Radiation damage study of P3HT and P3HT-b-PFTBT

A couple of weeks ago, I obtained my first set of TEM electron diffraction data with the help of another lab member, Thinh Le. Much like how electrons passing through a grating will produce an interference pattern due to particle-wave duality, electrons accelerated through a TEM sample’s periodic structure will result in a diffraction pattern. As seen in the examples below, a crystalline specimen will produce a spot pattern whereas a semi-crystalline or amorphous specimen will produce diffraction rings. Ring formation occurs because each randomly oriented domain produces its own diffraction pattern, and the superposition of these patterns forms rings.


Since the samples I was studying were polymers (P3HT and P3HT-b-PFTBT), their electron diffraction patterns were rings. However, they are very sensitive to electron beam damage – in fact, every time I moved the electron beam to a new location on the sample, I could see the diffraction ring fading away right before my eyes the longer it was exposed to the beam. For this very reason, the first milestone that I hope to achieve is to calculate a critical dose Dc at which soft materials such as P3HT and P3HT-b-PFTBT can be imaged with maximum contrast without destroying their structure.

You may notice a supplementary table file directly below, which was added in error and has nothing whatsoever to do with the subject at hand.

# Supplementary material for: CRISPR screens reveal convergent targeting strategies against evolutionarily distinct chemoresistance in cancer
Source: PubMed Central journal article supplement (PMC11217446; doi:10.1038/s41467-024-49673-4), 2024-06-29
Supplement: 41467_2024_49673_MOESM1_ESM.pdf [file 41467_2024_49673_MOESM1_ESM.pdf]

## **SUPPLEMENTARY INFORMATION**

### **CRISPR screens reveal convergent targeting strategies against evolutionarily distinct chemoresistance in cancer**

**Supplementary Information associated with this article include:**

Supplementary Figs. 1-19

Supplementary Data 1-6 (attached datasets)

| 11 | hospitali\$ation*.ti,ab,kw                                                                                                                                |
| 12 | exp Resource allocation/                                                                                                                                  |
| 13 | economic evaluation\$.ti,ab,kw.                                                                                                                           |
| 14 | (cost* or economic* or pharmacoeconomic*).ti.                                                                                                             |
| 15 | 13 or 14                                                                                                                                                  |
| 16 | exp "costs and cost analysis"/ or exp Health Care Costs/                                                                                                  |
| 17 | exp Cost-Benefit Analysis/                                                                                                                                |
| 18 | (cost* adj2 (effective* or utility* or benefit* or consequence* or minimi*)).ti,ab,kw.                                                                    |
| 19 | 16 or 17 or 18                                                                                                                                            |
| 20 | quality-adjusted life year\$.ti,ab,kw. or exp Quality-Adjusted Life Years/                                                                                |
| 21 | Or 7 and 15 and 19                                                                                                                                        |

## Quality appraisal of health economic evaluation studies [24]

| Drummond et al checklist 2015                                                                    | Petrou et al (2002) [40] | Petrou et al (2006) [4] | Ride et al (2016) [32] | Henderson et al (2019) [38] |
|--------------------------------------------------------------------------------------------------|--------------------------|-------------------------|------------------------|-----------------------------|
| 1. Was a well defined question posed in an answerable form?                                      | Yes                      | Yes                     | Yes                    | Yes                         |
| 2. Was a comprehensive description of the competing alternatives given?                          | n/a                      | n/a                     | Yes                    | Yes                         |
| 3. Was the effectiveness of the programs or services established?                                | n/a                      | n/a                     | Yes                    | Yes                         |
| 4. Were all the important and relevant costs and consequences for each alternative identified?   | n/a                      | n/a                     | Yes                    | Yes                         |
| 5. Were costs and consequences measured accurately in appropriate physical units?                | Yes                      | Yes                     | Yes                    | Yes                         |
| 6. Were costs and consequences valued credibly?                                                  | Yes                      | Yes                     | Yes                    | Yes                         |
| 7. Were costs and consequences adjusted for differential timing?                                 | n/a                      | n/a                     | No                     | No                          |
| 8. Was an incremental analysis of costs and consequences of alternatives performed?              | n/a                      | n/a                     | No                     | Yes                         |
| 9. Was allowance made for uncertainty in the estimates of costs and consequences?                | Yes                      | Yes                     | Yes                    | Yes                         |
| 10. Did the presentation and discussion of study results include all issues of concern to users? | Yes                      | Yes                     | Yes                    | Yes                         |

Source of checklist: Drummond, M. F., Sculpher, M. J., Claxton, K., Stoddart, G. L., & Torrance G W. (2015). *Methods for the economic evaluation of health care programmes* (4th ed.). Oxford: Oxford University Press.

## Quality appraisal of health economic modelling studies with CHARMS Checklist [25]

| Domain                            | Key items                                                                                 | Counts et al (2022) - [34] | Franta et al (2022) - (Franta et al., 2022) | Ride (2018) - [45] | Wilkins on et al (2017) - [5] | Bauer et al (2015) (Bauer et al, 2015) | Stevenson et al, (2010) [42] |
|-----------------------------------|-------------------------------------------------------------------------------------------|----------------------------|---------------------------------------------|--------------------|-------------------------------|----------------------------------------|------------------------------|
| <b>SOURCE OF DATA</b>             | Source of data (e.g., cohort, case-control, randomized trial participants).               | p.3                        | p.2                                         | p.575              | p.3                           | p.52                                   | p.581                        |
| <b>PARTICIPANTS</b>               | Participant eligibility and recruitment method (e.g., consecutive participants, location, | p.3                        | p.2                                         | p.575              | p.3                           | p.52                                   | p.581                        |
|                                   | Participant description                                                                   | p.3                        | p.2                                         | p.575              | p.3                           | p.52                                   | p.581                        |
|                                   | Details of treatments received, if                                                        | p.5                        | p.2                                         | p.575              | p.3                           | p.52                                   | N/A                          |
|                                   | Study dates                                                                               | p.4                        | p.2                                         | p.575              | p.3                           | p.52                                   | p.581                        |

To characterize this radiation damage, I took 10 consecutive electron diffraction images at one sample location at regular time intervals for both P3HT and P3HT-b-PFTBT (with increasing time, the electron dose also increases proportionally). By extracting the intensity of the diffraction rings using the software Digital Micrograph, I was then able to plot the intensity of the rings against the electron dose. The resulting data can be fitted to an exponential curve and Dc can be calculated as the inverse of the decay rate.

Unfortunately, the values for Dc that I calculated did not agree with values previously calculated by my lab. Possibilities for this discrepancy could be an inaccurate electron dose calibration or imprecise intensities. The first of these issues is out of my hand, but I will attempt to remedy the second by calculating radially integrated intensities using Mathematica.